It seems to me that we are seeing a kind of a VLA hangover in the airline industry. The bigger the plane...the bigger the pain. The 380 is the latest victim, but lackluster sales of the 350-1000 and 77X, coupled with the brisk sales of the 787 and 350, indicate to me where the fat part of the market is.

My seat of the pants guess on the future of the biggest twins is that Airbus and Boeing, (along with RR and GE), will focus more on engines than stretches. As it is, the 350-1000 and the 779 allow each maker to have a bit of a niche of their own. Each is better at some things, which provides differentiation in the market, gives each maker some room to play around in, and offers a clearer choice to the airlines. I believe both Airbus and Boeing are better served by NOT exactly copying their products...instead overlapping in some, but not all, areas.

As it is, I don't think there is, (or will be), a huge demand for either the 779 or the 350-1000 reducing the chances that even more investment would pay off.

I don't think a 350-2000 will ever see the light of day. Yes...it will be studied to death by Airbus, and customers may make approving noises, but no airline, (or at least not enough airlines), will be willing to pony up the dough, relegating it to 380neo status.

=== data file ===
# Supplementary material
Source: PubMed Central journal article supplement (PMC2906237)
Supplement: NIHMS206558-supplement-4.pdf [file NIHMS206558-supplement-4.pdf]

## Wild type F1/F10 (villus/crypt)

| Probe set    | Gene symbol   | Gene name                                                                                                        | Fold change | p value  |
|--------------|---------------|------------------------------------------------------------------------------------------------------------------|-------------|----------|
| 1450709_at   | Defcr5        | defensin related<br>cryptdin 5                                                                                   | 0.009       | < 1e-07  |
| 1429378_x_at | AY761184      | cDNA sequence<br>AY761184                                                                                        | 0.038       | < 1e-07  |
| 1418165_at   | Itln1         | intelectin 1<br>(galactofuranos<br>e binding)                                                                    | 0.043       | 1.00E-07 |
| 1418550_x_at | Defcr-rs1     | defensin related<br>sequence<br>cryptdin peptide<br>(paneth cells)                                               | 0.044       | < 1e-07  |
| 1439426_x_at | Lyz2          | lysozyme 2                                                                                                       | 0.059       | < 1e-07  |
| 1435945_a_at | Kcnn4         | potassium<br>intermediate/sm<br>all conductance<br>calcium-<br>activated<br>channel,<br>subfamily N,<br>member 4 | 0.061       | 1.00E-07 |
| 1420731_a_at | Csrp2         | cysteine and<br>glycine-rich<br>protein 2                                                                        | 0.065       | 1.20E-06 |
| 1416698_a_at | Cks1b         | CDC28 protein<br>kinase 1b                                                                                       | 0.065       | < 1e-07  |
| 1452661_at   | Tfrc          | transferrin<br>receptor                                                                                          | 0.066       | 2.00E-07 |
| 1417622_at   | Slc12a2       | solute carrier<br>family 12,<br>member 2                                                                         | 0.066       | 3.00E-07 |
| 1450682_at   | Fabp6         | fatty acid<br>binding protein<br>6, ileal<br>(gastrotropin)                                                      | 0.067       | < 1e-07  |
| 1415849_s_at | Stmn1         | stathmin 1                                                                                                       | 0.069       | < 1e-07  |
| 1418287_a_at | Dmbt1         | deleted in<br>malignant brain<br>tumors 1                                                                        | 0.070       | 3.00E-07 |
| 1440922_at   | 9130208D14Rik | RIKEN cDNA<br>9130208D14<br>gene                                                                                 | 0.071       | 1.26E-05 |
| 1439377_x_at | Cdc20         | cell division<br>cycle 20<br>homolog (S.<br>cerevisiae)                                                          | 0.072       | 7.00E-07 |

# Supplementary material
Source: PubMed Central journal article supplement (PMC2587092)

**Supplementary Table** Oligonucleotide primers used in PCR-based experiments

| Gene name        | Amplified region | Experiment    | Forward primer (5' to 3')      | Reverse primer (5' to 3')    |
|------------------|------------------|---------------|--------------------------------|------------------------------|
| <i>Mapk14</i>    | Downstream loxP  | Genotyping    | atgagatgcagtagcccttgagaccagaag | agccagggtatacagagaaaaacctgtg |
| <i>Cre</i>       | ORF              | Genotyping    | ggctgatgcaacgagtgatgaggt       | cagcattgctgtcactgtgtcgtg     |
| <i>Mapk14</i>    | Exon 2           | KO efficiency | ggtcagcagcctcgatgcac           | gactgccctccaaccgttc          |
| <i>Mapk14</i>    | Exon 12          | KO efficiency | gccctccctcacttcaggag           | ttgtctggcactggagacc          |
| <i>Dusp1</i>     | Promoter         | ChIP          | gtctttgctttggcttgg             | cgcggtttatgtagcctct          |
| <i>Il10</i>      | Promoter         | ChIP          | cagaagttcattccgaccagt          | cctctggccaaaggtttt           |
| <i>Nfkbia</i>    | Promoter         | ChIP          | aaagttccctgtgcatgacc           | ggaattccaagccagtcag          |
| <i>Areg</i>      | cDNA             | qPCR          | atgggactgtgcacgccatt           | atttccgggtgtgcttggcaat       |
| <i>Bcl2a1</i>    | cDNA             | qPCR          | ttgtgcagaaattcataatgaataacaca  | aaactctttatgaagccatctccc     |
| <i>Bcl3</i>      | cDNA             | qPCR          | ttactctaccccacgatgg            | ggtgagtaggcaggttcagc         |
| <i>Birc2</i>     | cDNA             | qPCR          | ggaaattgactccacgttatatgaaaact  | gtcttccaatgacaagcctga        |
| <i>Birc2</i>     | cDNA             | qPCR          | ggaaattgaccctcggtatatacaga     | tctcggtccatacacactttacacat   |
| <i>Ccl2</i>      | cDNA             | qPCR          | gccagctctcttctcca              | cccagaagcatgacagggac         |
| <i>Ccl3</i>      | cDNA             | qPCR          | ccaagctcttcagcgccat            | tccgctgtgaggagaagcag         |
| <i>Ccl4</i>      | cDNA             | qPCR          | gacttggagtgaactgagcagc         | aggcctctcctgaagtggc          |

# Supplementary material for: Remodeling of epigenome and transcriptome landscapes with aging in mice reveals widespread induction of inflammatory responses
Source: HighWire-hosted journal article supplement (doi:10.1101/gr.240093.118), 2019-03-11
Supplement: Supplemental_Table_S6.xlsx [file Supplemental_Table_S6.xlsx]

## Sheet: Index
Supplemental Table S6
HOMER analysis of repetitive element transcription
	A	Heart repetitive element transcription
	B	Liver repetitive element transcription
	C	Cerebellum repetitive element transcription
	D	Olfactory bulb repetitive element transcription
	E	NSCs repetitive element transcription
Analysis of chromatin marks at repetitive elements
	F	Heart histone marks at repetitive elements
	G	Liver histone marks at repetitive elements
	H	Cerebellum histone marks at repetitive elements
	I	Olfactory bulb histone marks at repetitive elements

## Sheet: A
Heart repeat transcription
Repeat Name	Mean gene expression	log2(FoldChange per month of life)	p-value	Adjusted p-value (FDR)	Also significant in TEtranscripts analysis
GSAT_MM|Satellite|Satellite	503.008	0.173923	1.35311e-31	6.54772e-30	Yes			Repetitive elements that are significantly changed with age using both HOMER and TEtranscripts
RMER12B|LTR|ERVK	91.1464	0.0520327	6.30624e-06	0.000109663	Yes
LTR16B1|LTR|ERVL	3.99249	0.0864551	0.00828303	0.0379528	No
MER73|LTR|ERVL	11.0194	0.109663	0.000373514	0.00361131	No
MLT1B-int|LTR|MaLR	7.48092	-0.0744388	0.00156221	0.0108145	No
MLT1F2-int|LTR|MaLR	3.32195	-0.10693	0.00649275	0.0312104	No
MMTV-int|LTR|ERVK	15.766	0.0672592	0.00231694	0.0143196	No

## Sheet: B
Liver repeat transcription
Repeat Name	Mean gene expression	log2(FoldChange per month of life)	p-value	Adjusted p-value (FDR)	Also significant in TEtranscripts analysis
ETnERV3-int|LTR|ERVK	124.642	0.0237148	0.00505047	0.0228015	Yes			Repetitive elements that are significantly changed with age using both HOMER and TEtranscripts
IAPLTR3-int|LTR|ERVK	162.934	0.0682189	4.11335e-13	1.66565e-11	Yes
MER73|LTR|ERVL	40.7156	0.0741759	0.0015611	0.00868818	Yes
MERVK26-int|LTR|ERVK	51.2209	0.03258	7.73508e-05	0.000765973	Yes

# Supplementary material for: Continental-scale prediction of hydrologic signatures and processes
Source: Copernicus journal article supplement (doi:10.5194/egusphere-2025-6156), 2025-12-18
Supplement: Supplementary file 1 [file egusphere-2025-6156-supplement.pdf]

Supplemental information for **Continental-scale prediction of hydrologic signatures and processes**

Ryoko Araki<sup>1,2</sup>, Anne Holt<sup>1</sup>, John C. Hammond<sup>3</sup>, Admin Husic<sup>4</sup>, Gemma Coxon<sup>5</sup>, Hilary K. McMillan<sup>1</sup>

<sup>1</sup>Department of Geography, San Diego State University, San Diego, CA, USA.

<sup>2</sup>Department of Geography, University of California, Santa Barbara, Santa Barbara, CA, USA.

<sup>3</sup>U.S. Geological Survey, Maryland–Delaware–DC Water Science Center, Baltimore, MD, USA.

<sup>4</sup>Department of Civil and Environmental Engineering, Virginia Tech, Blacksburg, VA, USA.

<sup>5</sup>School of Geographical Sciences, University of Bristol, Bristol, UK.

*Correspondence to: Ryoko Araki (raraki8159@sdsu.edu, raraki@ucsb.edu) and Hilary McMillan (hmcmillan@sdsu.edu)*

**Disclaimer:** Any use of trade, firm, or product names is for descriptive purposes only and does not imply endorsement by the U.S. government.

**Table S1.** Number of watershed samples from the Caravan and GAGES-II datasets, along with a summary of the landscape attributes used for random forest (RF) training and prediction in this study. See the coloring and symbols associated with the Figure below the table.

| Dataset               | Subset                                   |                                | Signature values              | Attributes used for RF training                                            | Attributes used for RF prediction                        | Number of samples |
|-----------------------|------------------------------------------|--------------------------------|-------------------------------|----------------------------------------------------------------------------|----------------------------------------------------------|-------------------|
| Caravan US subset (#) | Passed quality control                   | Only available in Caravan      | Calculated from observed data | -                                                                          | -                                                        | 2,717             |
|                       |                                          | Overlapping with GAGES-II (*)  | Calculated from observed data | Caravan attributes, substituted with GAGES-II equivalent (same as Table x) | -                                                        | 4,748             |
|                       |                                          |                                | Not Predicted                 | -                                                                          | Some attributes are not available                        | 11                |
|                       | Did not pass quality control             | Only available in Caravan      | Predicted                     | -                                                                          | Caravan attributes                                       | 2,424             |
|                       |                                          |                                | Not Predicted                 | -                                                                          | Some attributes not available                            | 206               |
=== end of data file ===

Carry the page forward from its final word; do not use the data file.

I suspect EK will be the launch customer of the 350Ultra, and won't take any of the current engines. It fits pretty closely with when they are planning on taking 350 deliveries and the EIS of the Ultrafan. It would be silly to start a brand new fleet one gen behind in crucial technology, when the good stuff is right behind the door.

I think the GE-9X will be very efficient at rollout and after a few PIP's, will be close to the Ultrafan in efficiency...basically giving us a larger version of the LEAP vs GTF duel on the narrow bodies. Of course, the Ultra will also have PIP's...and down the road we go.

I have long thought that every engine maker would have a gearbox, and I believe GE is working diligently on one, on the down low...which will leave Pratt as odd man out on the big engines and threatens them in the single aisle market if GE decides to do a GTF/LEAP hybrid in the future.

Of course...I could be wrong.